After Super Tuesday, many progressives are puzzling over why blacks—typically the most progressive element in the Democratic Party—are backing Hillary Clinton over Bernie Sanders.
There are a number of reasons, and Sanders has to take responsibility for some of them.
Here in South Carolina, where I live, and throughout the South, much of the black political establishment has connections, including financial connections, to the Clintons. The Clintons, meanwhile, have backed a lot of policies that have done real damage to the black community.
Still, people are sticking with the devil they know. Plus, the Clintons have delivered some things: The last public housing in the South was built in the late 1990s.
Sanders has been in Congress for thirty years, but hasn’t developed meaningful relationships with many black elected officials and activists. The way he approached South Carolina was largely to bring in outside black, northern intellectuals—all men—who have made a habit of denouncing President Obama. And Killer Mike—a rapper. Women are 60 percent of the black electorate here, and you are hard pressed to find a black voter who does not feel strongly supportive of the first black President. Sanders might have missed the reality on the ground, since he held his events at the colleges. That isn’t a serious bottom-up strategy for getting to where working people in the community really are.
When Sanders appeared at the Brookland Baptist Church in West Columbia (and was mocked by The New York Times and the Washington Post for failing to get much applause) he showed up late for the lunch after the service.
After losing big to Hillary, who put on a serious ground game in South Carolina and other Southern states, Sanders seemed dismissive of the black voters who didn’t show up for him, heading back North to Vermont and Minnesota where the “smart” voters are, as he put it in a speech.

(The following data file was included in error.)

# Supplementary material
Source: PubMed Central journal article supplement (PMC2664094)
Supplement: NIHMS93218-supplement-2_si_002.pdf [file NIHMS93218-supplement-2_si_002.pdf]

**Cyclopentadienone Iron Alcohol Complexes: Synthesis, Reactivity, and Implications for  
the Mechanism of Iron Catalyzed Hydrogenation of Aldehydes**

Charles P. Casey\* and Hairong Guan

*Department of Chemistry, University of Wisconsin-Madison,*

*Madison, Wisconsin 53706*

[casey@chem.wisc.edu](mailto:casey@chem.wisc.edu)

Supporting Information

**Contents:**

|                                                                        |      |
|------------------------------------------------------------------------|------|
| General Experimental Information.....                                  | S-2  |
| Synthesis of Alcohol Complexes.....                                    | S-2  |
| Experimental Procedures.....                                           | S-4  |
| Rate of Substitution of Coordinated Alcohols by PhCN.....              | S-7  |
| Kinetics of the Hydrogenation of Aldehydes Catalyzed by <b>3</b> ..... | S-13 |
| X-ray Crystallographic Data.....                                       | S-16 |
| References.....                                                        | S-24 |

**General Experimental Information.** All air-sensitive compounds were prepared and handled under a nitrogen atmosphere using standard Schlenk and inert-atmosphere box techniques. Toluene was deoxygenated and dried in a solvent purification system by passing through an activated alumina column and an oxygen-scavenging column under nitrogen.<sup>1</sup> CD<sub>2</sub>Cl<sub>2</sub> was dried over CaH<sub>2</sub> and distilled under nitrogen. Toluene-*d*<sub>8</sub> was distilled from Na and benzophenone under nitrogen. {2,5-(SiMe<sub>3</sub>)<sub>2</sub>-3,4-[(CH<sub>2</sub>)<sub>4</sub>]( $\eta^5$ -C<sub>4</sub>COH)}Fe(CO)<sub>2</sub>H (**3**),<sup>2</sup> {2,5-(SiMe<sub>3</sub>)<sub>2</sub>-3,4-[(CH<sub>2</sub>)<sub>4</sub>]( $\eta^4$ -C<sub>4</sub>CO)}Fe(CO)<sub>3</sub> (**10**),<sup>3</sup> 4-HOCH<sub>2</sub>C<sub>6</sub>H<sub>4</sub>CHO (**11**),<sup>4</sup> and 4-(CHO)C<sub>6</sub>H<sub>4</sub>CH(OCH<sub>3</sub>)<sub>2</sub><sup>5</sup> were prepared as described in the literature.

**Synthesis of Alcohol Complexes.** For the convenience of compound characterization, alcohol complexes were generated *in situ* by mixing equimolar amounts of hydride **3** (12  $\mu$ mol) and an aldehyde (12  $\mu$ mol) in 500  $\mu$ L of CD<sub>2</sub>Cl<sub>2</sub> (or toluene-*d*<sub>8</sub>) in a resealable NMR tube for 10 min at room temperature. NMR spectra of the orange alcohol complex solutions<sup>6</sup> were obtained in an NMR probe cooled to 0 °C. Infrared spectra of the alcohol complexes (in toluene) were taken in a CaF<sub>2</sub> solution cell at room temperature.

Bernie talks about his campaign being a “revolution.” No. Cuba had a revolution. Haiti had a revolution. Sanders is not succeeding at building a lasting movement because he is not bringing people of diverse backgrounds together like Jesse Jackson did with the Rainbow Coalition. This is a campaign run by some white guys in D.C. and Vermont with some Black Lives Matter talking points as soundbites thrown in. That just doesn’t cut it.
Black folks like some of what Bernie says about Wall Street and tuition-free public colleges, but it's clear he's not really thinking about historically black colleges and universities.
Most historically black colleges and universities are in heavily in debt and many of their students wouldn’t be accepted to public universities because of their test scores or grades. These institutions have been neglected in the Obama years. They are already at risk, and they would be even more at risk under a free public university plan.
This is just one small example of how black folks are at best an afterthought in the Sanders campaign. It’s the same situation with critical issues like gerrymandering and the Voting Rights Act.
I certainly won’t vote for Clinton, but Sanders isn’t really doing what he needs to do. We need real movements that are built not just in election cycles, but over the long haul. Those movements are not built by people looking to be the great new leader. They are built by reaching out to people at the grassroots, listening to them, and following their lead.
Kevin Alexander Gray is a Progressive contributor and author of many books.